I'm justified therefore to say "humans have desires, and there are cases where they cannot choose what item they need to fill their desire. Animals have desires, and there are cases where the animal can choose which item shall fill that desire.
Since human morality is an evolutionary trait, animals must have it too. Animals have morality. There was a study done where rhesus monkeys were aware that operating a food chain to get a pellet also caused a companion monkey to receive an electrical shock. Some of the monkeys opted to starve rather than obtain immoral food pellets . That shows that you were wrong about animals being unable to discern right from wrong.
I may as well bury you while I'm at it. It would be painstakingly easy to replace monkeys with "moral robots" in that experiment. Make a robot that's programmed to pull the foodchain when the shocker is inactive, and program it not to pull the foodchain when the shocker is active. We've just built moral robots, that are even more ethically intelligent than the monkeys since the monkeys didn't all refrain from delivering shocks to their companions for food. The robots discern right and wrong with 100% accuracy.
So there you have it, monkeys and robots can discern good from bad. Ergo a human brain is not required to discern right from wrong. The ability can be programmed into a machine if you want - we can offload this piece of our consciousness into a different substrate, to word it in a way that explicitly refers to the resolution.
 http://www.madisonmonkeys.com... retrieved from http://ajp.psychiatryonline.org...
Also, you haven't once told me how this consciousness is made. Your whole argument has been based on an assumption that assumes that because animal minds work like humans that robots do the same. That is quite bogus as you haven't proved once that animals and robot minds work the same. You have attempted to state that A=B, but haven't proved that B=C and still assume that A=C even though you have no proof for it.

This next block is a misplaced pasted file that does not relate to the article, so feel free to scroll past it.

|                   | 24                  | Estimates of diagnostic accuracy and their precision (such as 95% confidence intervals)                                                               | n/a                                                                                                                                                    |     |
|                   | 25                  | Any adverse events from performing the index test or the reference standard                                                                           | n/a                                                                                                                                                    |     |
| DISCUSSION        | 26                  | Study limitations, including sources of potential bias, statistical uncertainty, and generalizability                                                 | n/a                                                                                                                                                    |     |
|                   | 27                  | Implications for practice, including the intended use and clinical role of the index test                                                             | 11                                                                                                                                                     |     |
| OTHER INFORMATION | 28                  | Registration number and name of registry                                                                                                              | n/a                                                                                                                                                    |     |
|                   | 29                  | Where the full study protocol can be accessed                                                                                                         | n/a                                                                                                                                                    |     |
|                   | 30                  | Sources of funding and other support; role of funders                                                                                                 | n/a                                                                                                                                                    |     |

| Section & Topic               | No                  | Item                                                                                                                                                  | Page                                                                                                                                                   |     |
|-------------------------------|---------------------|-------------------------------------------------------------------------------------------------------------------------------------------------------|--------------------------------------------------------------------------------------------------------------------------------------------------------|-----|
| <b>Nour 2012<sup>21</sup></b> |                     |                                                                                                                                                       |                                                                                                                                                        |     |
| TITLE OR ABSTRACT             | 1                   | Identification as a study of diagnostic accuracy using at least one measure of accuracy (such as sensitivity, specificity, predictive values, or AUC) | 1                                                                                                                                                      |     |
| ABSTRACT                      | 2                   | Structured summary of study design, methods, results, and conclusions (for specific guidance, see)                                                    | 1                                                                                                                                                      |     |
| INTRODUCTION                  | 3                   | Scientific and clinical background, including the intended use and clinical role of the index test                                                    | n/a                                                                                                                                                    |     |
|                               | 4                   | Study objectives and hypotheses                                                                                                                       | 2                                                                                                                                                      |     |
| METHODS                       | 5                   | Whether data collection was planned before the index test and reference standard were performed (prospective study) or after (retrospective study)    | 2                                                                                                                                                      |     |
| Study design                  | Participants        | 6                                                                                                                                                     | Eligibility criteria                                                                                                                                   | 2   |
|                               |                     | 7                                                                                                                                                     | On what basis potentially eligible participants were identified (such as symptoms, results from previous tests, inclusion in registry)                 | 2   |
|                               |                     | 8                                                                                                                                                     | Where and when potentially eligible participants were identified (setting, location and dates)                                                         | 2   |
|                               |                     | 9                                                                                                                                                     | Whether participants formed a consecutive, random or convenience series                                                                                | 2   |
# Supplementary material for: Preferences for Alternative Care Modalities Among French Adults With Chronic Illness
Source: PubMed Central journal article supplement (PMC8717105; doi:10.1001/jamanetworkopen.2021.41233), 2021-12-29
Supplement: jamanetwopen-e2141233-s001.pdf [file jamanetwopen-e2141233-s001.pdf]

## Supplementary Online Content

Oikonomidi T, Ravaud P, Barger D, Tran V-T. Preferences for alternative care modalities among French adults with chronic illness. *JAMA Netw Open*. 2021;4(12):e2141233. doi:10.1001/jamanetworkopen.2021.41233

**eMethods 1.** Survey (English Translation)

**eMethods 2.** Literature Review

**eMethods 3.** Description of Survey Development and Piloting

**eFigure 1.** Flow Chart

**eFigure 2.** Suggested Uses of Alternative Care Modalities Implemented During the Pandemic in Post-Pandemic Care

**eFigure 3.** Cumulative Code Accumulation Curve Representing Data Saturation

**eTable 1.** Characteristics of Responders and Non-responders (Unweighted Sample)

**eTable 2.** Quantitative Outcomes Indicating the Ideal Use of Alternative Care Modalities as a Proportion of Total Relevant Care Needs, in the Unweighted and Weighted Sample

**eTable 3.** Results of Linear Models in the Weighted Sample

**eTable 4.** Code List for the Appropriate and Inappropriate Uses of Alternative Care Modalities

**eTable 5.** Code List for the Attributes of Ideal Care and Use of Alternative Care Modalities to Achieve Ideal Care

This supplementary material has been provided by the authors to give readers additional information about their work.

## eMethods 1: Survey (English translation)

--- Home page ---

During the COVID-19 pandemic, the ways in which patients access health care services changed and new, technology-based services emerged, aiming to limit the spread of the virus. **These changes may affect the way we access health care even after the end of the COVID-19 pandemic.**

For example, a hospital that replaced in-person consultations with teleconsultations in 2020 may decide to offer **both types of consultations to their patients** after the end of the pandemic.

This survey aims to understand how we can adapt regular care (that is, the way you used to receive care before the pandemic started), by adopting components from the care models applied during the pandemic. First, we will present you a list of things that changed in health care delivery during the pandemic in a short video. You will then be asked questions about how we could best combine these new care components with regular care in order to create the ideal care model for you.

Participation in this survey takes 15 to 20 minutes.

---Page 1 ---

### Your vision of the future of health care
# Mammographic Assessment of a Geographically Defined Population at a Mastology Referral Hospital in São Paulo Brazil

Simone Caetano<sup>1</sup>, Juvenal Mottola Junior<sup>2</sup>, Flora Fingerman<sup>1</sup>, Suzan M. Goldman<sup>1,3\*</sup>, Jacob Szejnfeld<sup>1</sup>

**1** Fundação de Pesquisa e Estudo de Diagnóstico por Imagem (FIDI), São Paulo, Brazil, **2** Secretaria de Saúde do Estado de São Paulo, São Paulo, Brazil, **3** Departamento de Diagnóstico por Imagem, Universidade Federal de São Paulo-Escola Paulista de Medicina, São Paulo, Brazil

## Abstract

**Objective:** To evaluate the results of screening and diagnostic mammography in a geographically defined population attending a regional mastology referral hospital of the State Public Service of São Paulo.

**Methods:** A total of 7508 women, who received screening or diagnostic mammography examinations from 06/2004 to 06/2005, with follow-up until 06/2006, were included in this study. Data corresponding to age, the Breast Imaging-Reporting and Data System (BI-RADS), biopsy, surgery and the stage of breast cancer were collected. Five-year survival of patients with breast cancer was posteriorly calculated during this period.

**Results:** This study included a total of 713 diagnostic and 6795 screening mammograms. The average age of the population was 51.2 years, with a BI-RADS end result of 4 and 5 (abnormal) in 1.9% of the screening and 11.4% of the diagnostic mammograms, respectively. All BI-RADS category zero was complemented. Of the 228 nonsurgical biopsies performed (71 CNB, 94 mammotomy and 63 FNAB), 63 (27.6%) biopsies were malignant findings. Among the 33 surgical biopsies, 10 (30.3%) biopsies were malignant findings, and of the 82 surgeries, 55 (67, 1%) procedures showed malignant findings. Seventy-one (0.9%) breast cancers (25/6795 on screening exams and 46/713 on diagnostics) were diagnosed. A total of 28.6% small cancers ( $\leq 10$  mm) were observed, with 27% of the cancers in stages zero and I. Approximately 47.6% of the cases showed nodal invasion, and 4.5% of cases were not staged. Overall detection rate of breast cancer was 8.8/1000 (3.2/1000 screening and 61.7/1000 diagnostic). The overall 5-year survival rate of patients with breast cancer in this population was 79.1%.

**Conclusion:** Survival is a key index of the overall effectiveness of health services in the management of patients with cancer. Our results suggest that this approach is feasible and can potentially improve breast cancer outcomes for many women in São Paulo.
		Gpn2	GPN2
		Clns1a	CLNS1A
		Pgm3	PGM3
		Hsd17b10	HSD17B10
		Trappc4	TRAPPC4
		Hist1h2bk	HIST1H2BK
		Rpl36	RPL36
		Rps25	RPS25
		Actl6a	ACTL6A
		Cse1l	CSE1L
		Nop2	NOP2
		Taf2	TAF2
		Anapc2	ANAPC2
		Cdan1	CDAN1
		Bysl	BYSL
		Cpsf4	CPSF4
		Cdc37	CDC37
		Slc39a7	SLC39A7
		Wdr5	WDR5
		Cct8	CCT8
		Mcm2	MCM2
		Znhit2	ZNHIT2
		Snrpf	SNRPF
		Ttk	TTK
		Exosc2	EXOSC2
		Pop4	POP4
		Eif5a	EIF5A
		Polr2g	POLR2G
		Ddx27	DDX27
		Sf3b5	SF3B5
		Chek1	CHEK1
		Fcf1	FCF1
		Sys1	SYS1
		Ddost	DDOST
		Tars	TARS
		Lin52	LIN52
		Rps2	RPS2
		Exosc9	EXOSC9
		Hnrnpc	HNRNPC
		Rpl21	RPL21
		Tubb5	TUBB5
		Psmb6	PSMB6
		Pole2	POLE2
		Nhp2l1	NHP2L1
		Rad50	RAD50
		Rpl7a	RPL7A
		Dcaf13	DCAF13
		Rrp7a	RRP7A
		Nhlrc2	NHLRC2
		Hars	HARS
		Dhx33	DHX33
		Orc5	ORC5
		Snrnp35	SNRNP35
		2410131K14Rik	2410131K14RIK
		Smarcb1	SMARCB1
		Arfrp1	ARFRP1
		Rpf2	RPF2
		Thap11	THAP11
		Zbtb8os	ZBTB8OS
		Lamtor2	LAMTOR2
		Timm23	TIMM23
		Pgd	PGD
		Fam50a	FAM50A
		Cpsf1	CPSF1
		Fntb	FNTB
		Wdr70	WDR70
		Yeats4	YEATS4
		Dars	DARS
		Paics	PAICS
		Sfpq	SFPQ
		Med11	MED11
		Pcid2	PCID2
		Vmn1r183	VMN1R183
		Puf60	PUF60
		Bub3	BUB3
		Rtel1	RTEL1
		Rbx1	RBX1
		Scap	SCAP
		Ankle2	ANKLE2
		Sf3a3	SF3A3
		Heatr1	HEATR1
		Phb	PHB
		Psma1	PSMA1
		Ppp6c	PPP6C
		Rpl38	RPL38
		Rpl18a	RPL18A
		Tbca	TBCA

Earlier you claimed animals can't discern morality. Then I showed an example of monkeys choosing for themselves to suffer, so that their companions don't have to. By the way if you read the experiment you'd see that there were 2 food chains, one which shocked and one which didn't. The monkeys that starved themselves refused to even experiment and figure out that one of the chains was harmless. That's a pretty clear example of an animal discerning right from wrong; what makes it more interesting is that the monkeys who starved themselves were the ones who knew what the shock felt like.
You then turned around and said the monkey is doing this for personal pleasure, not for ethical reasons (which makes no sense because the monkey starves as a result of not pulling the chain. On the hierarchy of needs, food trumps social interaction. The experimenters made the 2 pulley system the only source of food for the monkey, and some of the monkeys chose to starve for days. That's not pleasure). I think you've used the "No True Scotsman" fallacy by trying to say "but the monkeys aren't making a true moral decision, they did it for pleasure".
If I haven't told you how consciousness is made, it's because it's one of the contemporary mysteries of science and no one knows. But from the a strong premise and deductive arguments, we can get some clues as to whether or not it's possible.